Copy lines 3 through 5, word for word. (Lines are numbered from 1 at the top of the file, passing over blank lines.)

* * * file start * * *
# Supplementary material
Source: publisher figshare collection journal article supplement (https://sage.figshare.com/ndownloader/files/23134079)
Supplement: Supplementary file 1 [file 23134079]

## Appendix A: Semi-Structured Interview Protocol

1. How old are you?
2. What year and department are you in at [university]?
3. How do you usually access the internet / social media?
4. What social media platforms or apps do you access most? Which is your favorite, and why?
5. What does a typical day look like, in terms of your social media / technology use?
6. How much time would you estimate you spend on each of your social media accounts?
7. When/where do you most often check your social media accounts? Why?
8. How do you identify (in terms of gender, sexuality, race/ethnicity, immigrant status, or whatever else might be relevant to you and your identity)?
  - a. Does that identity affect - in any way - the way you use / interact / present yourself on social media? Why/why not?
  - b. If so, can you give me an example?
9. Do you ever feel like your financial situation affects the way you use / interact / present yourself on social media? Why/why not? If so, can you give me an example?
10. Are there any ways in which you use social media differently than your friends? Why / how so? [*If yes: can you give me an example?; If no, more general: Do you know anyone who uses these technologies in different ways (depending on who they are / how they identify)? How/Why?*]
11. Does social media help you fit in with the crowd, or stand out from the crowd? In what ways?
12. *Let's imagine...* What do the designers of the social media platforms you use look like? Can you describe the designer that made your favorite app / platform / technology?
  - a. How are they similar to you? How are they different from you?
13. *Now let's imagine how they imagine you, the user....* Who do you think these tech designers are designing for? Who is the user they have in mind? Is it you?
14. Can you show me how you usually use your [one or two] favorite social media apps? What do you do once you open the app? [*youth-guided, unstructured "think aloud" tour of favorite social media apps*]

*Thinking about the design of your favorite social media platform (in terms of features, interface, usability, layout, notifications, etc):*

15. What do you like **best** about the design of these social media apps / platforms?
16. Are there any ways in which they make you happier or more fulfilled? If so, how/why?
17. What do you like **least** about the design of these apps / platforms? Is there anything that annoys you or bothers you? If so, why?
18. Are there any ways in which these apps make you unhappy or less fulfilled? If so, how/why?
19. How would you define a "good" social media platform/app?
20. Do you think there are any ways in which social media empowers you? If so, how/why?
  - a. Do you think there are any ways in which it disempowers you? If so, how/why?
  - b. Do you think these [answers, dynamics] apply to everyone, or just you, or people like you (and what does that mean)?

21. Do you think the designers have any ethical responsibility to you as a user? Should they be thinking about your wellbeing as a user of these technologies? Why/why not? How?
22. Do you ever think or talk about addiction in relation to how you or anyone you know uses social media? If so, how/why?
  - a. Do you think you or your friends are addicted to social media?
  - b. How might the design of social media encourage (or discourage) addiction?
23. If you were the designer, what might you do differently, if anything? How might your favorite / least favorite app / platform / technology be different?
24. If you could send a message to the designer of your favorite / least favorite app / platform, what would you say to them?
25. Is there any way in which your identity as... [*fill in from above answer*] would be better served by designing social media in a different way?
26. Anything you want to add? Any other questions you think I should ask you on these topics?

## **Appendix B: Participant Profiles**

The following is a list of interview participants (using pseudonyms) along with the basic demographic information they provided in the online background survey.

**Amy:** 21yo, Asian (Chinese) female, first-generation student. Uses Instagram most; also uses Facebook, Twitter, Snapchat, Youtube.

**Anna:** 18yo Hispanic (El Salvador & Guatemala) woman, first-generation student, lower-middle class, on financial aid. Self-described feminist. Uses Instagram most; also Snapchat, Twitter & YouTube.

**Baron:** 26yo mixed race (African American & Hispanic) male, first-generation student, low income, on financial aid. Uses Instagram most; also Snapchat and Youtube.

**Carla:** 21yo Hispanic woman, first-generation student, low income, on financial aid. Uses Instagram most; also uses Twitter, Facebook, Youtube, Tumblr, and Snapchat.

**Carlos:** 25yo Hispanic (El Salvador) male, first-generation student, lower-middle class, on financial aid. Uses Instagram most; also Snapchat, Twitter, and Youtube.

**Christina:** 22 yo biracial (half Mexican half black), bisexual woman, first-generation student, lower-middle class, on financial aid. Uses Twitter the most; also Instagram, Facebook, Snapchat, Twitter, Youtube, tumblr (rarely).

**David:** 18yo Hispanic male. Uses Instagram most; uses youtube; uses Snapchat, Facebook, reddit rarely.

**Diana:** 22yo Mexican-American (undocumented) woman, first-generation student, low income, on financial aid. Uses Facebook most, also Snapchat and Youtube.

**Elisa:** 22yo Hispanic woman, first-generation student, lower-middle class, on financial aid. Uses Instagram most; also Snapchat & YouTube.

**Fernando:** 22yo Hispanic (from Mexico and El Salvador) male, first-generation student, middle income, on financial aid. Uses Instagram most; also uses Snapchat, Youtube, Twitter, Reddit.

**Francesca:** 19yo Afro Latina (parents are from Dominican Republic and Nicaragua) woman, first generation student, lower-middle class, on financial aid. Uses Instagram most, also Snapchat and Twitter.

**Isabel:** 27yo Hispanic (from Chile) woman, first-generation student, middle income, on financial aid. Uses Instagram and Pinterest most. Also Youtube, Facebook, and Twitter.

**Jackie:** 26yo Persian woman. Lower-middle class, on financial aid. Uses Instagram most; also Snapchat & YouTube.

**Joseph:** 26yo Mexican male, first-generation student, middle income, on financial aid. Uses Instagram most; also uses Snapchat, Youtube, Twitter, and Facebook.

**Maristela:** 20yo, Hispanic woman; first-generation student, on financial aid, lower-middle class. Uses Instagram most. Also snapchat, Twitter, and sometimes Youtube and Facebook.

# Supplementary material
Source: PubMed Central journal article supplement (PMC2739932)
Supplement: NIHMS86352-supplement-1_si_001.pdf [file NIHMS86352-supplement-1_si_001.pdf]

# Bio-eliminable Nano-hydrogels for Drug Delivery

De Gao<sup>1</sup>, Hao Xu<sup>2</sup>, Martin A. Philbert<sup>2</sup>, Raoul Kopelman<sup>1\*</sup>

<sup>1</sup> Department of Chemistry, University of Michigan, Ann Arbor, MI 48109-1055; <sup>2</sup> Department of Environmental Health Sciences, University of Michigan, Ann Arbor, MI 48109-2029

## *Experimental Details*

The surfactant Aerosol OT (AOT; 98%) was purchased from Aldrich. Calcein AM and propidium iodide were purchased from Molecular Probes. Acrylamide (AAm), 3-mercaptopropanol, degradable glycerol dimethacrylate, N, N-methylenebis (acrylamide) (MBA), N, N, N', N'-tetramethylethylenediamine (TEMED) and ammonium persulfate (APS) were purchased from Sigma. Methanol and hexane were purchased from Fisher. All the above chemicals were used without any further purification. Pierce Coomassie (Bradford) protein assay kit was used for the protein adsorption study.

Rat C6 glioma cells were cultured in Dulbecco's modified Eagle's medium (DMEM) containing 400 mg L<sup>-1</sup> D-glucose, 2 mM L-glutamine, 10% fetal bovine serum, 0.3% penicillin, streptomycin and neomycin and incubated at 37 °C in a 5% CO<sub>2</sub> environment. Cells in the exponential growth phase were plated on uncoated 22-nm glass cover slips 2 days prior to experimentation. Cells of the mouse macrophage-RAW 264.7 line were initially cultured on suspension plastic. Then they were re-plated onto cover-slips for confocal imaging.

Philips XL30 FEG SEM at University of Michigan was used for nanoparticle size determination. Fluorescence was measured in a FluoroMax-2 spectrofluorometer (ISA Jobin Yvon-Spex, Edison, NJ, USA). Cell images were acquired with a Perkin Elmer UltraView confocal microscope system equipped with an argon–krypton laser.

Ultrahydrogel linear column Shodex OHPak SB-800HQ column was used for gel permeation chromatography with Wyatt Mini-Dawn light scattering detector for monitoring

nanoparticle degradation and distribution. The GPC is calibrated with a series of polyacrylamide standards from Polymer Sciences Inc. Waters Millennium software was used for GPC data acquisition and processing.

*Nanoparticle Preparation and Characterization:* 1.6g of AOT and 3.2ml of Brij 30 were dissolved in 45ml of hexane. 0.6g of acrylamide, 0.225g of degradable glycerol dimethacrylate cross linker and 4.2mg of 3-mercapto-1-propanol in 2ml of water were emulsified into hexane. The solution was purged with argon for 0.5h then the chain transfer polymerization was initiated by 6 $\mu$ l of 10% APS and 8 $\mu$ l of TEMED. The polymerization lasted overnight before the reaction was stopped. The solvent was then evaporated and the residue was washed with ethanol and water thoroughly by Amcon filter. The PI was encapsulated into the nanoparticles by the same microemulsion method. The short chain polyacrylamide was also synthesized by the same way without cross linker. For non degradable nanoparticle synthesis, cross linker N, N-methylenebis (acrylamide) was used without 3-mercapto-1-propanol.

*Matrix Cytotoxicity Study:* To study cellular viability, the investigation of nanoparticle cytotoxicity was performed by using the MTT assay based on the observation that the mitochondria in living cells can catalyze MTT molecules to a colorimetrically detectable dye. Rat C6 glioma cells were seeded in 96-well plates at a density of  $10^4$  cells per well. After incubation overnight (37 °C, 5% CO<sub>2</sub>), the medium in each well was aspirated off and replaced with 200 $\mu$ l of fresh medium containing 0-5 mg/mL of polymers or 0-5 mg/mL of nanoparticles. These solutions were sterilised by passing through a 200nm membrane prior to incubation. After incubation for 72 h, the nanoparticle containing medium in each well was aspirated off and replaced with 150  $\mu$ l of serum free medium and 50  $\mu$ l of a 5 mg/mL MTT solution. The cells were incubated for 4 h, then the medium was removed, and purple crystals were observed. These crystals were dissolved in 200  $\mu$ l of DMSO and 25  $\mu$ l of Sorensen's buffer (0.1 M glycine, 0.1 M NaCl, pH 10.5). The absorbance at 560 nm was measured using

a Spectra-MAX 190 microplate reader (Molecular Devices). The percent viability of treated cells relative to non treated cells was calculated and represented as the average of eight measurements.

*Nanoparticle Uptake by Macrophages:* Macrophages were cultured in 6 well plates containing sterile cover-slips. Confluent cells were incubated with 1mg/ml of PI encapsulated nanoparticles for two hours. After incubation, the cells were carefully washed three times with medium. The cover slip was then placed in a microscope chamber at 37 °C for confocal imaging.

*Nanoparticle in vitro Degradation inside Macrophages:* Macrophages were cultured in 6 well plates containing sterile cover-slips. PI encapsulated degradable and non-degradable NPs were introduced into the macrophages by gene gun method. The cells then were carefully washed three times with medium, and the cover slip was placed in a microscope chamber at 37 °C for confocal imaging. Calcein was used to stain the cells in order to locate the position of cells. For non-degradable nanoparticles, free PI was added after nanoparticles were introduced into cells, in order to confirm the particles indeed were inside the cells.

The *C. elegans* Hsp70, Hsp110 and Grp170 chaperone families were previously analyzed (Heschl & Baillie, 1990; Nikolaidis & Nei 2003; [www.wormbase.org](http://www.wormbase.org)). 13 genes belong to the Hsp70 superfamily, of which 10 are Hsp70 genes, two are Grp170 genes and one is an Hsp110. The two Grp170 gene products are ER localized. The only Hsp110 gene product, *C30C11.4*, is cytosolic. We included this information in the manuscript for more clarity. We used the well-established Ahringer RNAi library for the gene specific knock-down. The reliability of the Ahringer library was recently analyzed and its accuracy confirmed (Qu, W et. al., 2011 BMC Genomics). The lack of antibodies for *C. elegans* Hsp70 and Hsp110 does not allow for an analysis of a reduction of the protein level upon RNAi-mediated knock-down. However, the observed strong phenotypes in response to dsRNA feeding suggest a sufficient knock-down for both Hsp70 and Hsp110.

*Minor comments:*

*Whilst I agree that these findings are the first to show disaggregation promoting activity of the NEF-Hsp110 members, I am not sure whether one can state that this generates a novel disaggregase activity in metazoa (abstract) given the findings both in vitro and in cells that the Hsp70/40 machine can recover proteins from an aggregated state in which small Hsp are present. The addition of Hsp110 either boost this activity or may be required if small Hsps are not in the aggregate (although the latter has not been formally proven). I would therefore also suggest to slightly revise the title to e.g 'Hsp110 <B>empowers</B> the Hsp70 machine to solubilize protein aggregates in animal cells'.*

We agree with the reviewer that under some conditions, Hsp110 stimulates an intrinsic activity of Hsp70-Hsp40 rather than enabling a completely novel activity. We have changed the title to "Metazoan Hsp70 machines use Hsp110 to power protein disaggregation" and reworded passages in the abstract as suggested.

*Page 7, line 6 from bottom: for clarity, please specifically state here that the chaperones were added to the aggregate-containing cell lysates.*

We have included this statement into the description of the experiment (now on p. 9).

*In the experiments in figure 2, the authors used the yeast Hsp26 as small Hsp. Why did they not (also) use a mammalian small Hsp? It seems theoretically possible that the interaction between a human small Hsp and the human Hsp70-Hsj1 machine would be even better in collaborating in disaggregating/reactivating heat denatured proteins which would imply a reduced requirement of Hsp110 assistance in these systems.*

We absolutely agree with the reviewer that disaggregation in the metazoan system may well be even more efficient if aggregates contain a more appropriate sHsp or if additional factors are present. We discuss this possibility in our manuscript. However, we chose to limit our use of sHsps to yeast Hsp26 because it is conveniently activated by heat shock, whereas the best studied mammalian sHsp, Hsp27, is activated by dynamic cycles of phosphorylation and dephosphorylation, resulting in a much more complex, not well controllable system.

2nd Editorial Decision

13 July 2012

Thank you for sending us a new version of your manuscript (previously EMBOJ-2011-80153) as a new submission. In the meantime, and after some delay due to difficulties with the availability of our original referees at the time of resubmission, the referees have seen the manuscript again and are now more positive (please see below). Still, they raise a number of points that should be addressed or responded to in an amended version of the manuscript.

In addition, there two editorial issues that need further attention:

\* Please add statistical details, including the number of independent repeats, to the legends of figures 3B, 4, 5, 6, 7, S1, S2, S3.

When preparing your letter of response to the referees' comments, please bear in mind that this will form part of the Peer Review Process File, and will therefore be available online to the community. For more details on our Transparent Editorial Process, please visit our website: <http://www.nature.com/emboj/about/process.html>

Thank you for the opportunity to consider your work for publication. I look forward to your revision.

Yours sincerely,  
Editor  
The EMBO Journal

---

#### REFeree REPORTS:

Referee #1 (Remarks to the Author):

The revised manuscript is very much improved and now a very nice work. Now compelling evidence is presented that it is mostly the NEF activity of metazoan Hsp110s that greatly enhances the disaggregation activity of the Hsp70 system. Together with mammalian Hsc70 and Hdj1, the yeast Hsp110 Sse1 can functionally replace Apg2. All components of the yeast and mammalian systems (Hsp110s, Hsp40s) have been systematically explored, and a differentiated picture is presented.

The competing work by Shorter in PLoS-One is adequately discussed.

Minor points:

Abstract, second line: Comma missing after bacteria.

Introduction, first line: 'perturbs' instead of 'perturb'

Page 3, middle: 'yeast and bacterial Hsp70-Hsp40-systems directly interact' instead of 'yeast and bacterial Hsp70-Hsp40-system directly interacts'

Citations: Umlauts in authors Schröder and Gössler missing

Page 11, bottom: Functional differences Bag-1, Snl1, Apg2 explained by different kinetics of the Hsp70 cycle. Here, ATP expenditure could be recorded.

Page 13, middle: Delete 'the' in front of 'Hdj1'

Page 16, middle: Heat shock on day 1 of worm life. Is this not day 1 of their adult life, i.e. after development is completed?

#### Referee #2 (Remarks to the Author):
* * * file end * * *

Supplement: Supplementary file 1 [file 23134079]

## Appendix A: Semi-Structured Interview Protocol

1. How old are you?